A GANG who were part of a “sophisticated” immigration scam to trick the Home Office into allowing married partners to enter the United Kingdom were jailed for more than 28 years.

Denaught Sharma, 56, of Ruskin Avenue, Rogerstone, Newport, who ran an accountancy service, was “at the heart of the offending”, creating false documentation, including wage slips and P60s, in support of immigration applications to enter or stay in the UK.

The owner of companies called ACS Limited and Storm 90 PWR Ltd, the defendant, who was not a qualified accountant, was jailed for seven years and seven months at Cardiff Crown Court by Judge Tracey Lloyd-Clarke.

His “go-betweens and assistants”, Pirun Sheikh, 42, of Fairwater Grove West, Cardiff, and Abdul Shifar, 43, of Cedar Close, Merthyr Tydfil, were jailed for four years and nine months and four years respectively.

Prosecutor Carl Harrison said the “illusion of a salaries” were made by Sharma by the creation of “ghost employees” working in fictitious jobs.

Although fabricated they included the payment of income tax and National Insurance and were made to support sponsors who were trying to get their spouses into the country because they did not meet the financial requirement of earning at least £18,600 per annum to comply with immigration regulations.

The sponsors trying to get spouses into the country were UK residents Sarah Brindle, 25, of Cardiff Road, Newport, Zakiyya Begum, 26, of Ebenezer Terrace, Newport, Jaqdeep Singh, 31, formerly of Parc Prison, near Bridgend, Suleza Begum, 46, of Glenroy Street, Roath, Cardiff, Mohammad Uddin, 55, of Cowbridge Road East, Cardiff and Abdul Miquith, 51, both of Fairwater Grove West, Cardiff.

The court heard that Brindle’s husband, McDonald's manager Sandeep Kumar, 31, also of Cardiff Road, Newport, was also involved in the fraud and has fled the country, believed to be in his native India. Extradition proceedings are under way.

Brindle and Kumar were both jailed for two years, Uddin for 15 months, Zakiyya Begum for 19 months, Suleza Begum for 21 months, Singh for 21 months and Miquith for 22 months.

All defendants apart from Sharma were charged with offences of making a false representation under the Immigration Act.

Sharma admitted six counts of obtaining leave to remain in the UK by deception under the same act.

Seven defendants pleaded guilty. Brindle, Kumar and Shifar had denied their charges but were convicted by a jury after a trial.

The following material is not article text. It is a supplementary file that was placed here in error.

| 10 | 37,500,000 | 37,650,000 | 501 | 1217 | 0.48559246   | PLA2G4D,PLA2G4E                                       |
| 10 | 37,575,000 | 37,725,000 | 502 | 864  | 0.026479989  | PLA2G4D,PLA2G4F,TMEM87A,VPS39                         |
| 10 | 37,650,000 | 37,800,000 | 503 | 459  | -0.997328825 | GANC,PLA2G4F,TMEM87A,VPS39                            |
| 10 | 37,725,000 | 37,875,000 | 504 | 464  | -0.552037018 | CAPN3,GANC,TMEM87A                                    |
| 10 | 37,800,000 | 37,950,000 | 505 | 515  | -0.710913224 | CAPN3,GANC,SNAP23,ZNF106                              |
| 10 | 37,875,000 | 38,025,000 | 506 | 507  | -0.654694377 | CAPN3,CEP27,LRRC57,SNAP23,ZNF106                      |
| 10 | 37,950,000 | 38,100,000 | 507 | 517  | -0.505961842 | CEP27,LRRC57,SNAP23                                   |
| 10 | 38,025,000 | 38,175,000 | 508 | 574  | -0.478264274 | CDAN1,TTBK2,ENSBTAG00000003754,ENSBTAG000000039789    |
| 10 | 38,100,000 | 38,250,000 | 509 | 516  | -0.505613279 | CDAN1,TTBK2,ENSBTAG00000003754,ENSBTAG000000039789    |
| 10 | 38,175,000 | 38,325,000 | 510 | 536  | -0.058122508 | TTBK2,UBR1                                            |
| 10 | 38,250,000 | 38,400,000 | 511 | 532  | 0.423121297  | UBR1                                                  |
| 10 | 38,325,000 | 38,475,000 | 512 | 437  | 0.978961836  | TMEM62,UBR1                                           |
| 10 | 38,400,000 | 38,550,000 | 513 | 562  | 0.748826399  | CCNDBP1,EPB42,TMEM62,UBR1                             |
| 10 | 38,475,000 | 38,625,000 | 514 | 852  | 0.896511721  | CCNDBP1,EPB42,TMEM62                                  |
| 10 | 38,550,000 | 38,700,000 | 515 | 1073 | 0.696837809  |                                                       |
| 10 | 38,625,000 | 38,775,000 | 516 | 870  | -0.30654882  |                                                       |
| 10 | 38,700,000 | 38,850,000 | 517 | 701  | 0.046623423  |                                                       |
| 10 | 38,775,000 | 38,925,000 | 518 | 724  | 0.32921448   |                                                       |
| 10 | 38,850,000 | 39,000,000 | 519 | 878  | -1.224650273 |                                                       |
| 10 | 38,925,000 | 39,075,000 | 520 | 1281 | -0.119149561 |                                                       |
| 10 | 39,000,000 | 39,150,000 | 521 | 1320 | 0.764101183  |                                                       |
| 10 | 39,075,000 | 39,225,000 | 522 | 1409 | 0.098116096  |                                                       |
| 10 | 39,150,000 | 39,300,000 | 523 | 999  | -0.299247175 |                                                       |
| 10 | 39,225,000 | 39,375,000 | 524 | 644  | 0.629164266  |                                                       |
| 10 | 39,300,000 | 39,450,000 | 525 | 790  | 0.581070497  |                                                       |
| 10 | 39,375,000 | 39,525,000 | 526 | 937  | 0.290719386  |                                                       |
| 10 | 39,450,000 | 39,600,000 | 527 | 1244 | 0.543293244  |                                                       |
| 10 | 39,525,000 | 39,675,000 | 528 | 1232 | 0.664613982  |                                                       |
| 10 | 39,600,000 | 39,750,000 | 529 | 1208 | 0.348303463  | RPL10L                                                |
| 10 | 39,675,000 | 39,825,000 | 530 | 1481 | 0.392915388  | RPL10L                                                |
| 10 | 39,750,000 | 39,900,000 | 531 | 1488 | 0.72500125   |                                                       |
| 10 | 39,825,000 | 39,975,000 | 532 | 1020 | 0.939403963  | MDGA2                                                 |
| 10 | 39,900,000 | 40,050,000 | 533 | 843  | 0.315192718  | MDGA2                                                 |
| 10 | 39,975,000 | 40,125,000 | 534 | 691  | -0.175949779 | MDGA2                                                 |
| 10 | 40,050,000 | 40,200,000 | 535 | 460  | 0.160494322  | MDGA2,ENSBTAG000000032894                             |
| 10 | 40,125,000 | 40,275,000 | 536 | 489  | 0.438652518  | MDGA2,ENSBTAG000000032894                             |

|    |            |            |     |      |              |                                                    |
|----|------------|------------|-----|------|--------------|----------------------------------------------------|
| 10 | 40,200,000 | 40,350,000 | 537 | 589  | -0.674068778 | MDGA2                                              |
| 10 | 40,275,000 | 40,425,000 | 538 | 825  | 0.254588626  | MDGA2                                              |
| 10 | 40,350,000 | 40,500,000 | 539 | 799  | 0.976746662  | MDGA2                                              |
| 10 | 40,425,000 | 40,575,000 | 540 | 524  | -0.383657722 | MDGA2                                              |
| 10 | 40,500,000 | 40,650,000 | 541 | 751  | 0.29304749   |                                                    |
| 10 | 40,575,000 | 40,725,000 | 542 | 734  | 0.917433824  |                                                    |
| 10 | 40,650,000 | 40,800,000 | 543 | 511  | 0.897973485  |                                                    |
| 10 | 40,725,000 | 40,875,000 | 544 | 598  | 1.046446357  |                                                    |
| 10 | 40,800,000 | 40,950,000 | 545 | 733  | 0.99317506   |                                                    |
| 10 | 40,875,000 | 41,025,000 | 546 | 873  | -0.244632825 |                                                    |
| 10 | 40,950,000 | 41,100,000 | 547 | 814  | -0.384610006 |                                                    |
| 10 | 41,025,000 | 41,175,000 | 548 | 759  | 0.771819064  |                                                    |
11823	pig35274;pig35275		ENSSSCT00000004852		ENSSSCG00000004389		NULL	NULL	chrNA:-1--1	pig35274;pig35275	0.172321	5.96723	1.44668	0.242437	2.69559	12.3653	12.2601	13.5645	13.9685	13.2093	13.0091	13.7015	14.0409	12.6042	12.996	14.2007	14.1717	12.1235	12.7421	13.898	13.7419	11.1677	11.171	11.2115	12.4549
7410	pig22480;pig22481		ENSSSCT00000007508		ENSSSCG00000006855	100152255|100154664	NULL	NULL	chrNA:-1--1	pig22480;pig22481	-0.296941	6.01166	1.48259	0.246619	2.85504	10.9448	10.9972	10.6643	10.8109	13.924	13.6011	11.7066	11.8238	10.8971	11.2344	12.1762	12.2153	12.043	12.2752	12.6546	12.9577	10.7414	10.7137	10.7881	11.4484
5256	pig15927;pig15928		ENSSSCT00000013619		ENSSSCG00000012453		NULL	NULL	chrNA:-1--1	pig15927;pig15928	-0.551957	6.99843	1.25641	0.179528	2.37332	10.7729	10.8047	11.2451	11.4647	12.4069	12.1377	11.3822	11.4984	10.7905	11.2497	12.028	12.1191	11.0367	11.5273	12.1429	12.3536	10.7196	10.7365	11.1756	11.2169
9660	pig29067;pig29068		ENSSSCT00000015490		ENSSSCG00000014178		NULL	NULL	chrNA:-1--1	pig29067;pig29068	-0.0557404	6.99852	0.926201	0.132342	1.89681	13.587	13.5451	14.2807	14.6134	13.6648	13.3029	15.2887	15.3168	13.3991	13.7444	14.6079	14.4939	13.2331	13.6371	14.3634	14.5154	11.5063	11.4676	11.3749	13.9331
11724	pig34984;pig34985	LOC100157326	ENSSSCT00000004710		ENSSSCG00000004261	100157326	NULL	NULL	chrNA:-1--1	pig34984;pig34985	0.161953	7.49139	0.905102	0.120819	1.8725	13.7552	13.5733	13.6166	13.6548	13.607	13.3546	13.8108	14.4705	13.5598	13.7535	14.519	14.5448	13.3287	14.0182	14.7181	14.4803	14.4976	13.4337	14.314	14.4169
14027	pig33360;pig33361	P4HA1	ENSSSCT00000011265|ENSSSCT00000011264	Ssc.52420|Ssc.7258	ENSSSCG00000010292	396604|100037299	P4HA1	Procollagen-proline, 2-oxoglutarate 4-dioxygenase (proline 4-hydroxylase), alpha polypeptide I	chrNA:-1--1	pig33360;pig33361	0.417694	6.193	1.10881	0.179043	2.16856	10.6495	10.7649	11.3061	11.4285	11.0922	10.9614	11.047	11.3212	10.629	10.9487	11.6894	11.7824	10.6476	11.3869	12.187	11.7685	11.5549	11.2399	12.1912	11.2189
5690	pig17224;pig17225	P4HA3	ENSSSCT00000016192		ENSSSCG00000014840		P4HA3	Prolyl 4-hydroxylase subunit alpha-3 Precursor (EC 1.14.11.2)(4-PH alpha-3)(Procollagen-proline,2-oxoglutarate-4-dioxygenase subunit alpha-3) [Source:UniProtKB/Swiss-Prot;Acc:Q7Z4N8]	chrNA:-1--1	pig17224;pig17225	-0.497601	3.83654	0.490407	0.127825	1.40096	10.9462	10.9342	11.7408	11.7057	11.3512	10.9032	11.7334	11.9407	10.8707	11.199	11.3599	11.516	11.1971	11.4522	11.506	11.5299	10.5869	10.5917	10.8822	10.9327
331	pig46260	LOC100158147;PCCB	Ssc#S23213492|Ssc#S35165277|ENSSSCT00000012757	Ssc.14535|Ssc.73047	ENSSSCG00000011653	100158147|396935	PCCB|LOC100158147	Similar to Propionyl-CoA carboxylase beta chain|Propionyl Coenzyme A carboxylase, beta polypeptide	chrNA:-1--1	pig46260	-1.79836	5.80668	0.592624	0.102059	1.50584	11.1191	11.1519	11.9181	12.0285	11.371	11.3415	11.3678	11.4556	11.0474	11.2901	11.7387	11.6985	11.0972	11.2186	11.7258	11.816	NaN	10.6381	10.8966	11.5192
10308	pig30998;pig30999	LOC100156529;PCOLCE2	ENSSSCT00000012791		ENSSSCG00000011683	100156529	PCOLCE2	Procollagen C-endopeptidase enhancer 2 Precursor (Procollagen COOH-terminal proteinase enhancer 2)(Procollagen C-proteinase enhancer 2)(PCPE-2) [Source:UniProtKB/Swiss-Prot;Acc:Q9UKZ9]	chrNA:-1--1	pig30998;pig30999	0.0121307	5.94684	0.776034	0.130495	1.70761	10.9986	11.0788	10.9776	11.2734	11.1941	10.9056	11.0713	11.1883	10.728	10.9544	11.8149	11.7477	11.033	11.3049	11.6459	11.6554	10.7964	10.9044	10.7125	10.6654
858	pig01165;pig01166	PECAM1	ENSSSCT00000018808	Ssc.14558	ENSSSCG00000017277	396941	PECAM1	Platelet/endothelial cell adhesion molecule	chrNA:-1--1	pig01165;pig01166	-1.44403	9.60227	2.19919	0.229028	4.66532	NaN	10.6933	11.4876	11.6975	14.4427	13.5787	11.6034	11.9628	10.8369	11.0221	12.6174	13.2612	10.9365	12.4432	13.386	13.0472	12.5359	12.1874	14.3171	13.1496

The court heard how Sharma had five previous convictions for 16 offences including affray, possession of drug and a food hygiene offence.

Singh had five previous convictions for nine offences and had served time in prison for the production of cannabis with intent to supply and dishonestly using electricity.

Sharma, representing himself, said in mitigation: “I am deeply sorry for what I have done. I stepped over the mark.”

He said he had been motivated by “humanitarian” factors and had not benefitted financially.

Sharma added: “I don’t want to go to jail.”

Ed Mitchard, for Uddin, said his client fully admitted his wrongdoing and the restaurant worker was the sole breadwinner for his family.

Kevin Seal, for Brindle, said she was of previous clean character and had been left by her husband.

It was heard in mitigation for Kumar that he came to the UK from India and became a manager at McDonald’s after studying achieving a masters degree in business.

The court heard Zakiyya Begum was “terrified of prison” and Shifar provided for his family.

Khadim Al-Hassan for Suleza Begum said she was “genuinely remorseful”

Karl Williams, for Singh, said he had wanted to bring his Thai wife to the UK.

Roderick Johnson QC, for Sheik, a restaurant manager, said: “He has brought upon himself complete ruin. He is a broken man.”

It was heard in mitigation for Miquith that he “has brought shame upon his family, both here and in Bangladesh”.

Speaking outside the court after sentencing, Assistant director Nick Jupp, from Immigration Enforcement CFI, said: “It is clear that a lot of planning and organisation went into running this organised criminal enterprise.

“Sharma, Sheikh and Shifar were the face of this outfit and cynically forged documents and invented fake employers for financial gain.

“By bringing these criminals to justice we have stopped a concerted and systematic assault on the UK’s immigration system. We will not hesitate to prosecute anyone involved in this type of criminality.”

Detective Constable Wayne Alexander, of Gwent Police, said: “We work closely with law enforcement partners at the Home Office to tackle organised crime and welcome the sentences handed down by the court.

“This type of criminal behaviour will not be tolerated in Gwent and we will continue to take robust action to identify offenders and bring them to justice.”